With the year 2020 being what it is — and we don’t need to belabor the point, do we? — can we expect to see an increase in nostalgia for years and things gone by? Even things that, at the time, seemed like unexceptionable, even annoying, elements of our daily lives and routines, like, say . . . Blockbuster video stores?
There is reportedly one — one! — remaining Blockbuster store in the United States. Once a standard tenant in virtually every strip mall in every town in America, as overwhelming in sheer number as the immense clouds of passenger pigeons that formerly filled the skies of the Midwest as they flew by, Blockbuster video stores have followed the passenger pigeon into extinction. The last of its kind is located in Bend, Oregon, where the local residents have apparently made a conscious effort to keep the store afloat. I suppose there is a certain point of civic pride in having the last Blockbuster in your town.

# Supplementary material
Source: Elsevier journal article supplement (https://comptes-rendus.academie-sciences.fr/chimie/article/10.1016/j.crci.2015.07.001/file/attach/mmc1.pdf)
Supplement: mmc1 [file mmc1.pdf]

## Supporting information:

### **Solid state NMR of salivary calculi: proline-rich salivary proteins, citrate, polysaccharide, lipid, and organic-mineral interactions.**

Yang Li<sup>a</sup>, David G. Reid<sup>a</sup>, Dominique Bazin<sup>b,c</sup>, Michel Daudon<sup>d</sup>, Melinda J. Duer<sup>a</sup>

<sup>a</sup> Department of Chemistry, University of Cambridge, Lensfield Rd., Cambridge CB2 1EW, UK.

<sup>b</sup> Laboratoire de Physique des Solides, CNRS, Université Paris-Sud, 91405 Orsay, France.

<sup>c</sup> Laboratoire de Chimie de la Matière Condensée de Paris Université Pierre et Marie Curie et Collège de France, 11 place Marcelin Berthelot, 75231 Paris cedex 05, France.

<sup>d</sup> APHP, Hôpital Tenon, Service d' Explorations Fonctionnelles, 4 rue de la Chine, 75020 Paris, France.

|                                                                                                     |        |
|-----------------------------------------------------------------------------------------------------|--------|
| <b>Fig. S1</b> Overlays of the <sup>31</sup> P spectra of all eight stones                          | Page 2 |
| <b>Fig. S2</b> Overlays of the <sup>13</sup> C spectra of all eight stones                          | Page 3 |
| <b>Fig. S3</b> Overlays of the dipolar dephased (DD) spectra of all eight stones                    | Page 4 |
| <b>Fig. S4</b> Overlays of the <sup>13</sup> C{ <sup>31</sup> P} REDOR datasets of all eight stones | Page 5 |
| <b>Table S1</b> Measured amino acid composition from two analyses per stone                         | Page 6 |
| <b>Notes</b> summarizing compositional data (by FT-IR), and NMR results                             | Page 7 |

And now the proprietor of the last Blockbuster wants to thank its supporters and give those who are interested a little up-close-and-personal taste of the ’90s video rental experience. For a measly $4.00 — one penny more than a movie rental — you can rent the store and spend the night taking in every kitschy detail of the Blockbuster experience, from the familiar blue and gold ticket stub shaped sign on the wall, to the racks of movies and “new releases” in their sturdy plastic boxes, to the impulse purchase shelves groaning with supplies of candy, chips, and soda.
I guess I can understand the urge to immerse yourself in an earlier, pre-coronavirus experience, when no one wore masks and everyone handled the same plastic video containers without giving it a second thought, but spending the night in a Blockbuster store gorging on junk food, guzzling Mountain Dew, and watching Independence Day wouldn’t be my choice. For too many years, my overwhelming emotion in walking into a Blockbuster was a brimming rage at having to pay late fees for some crappy Hollywood product — late fees that were totally avoidable if the person who rented the movie had just watched it and returned it promptly. Even thinking about it now, years later, I feel a sour taste of that unique combination of anger, disgust, and embarrassment.
I guess I don’t need to spend the night in a Blockbuster to relive that sensation. The scarring late fee experience will be with me, always.